AS we enter May, there is such a flush of new growth and colour in the garden, writes Olive Ryan in her weekly column.
The tulips continue to delight and provide a great colour addition to the garden, before the herbaceous layer emerges from its slumber to provide blousey blooms throughout the summer months.
Cherry blossoms have been great this year, with the dry and mild weather allowing them to show off their frilly flowers to best effect in different shades of white, pink and red. The flowers may be short-lived but there is also the autumn leaf colour to consider, making them a very garden-worthy plant, providing interest at several times of the year - and then there is also the lovely bark to consider, which can have lovely mahogany tones and distinctive rings around it.
As the leaves of deciduous hedging, shrubs and trees unfurl, it is worth taking the time to look at the combinations of different greens in the garden, and this changes rapidly over the next few weeks. Sycamore (Acer pseudoplatanus) has a red hue to its leaves as they emerge and this gradually changes to a dark green.
Green beech (Fagus sylvatica) are a bright lime as they emerge and darken to a deeper green, and all of these contrasting colours and textures of the leaves create a wonderful tapestry in the garden, more noticable at this time of year as the fresh foliage unfolds.
We are thirsty now also for foliage after the branches have remained bare for the last few months. It is a time we looked forward to in the short and dark winter days.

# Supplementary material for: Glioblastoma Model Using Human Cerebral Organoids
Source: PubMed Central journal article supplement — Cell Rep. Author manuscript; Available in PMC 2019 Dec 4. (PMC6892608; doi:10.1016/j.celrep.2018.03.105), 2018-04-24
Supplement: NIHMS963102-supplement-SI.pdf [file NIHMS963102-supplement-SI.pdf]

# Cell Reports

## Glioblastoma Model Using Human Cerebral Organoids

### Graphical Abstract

The swallows have returned, a little later than usual, and birds are busy feathering their nests, minding eggs and feeding young that have hatched out already.
There is great activity in the garden with new life appearing every day.
It is a time to be mindful of young plants going out into the soil and the perils of pests that are also multiplying now. Slugs will be on the look-out for soft new growth, so keep this in mind, and have the egg shells, tubs of beer or organic slug pellets to hand to avoid disappointment.
Birds too can cause damage, pulling out newly planted transplants, so best to net new plantings if this could be a problem. Using scarecrows or old CDs that reflect and move in the wind discourages birds.
What about considering ‘No Mow May’ this year, and leaving the lawn to flower in the coming weeks?
This will help provide pollen and nectar by letting dandelions and clover flower freely.
You could decide to mow a path through the lawn and let the rest flower and go to seed this summer, making a cut at summer’s end, and collecting the clippings for the compost heap, as removing the nutrients is key to encouraging flower in favour of grass.
Seeding some yellow rattle will also help to balance the competition from grass and produce pretty yellow flowers, the seed heads rattle when the seeds are ripe, hence the name.
Even if you cannot resist tidying up the lawn, maybe raise the height of the cut to allow some flowering so the resultant feasting by pollinators and birds can still happen.
The dandelion is one of the most dreaded weeds in the garden and one of the most useful early flowering plants for pollinators and birds. If left to flower and go to seed, it provides fodder for bumble bees, solitary bees and honey bees, hover flies and butterflies of all description. As well as small garden birds feeding on the seeds, finches, sparrows and tits can be seen foraging the seeds.
After a winter of watching birds feed on nuts and seeds from feeders in the garden, it is great to see them sourcing their own food that nature provides... if we allow it to and take it handy with the lawnmower!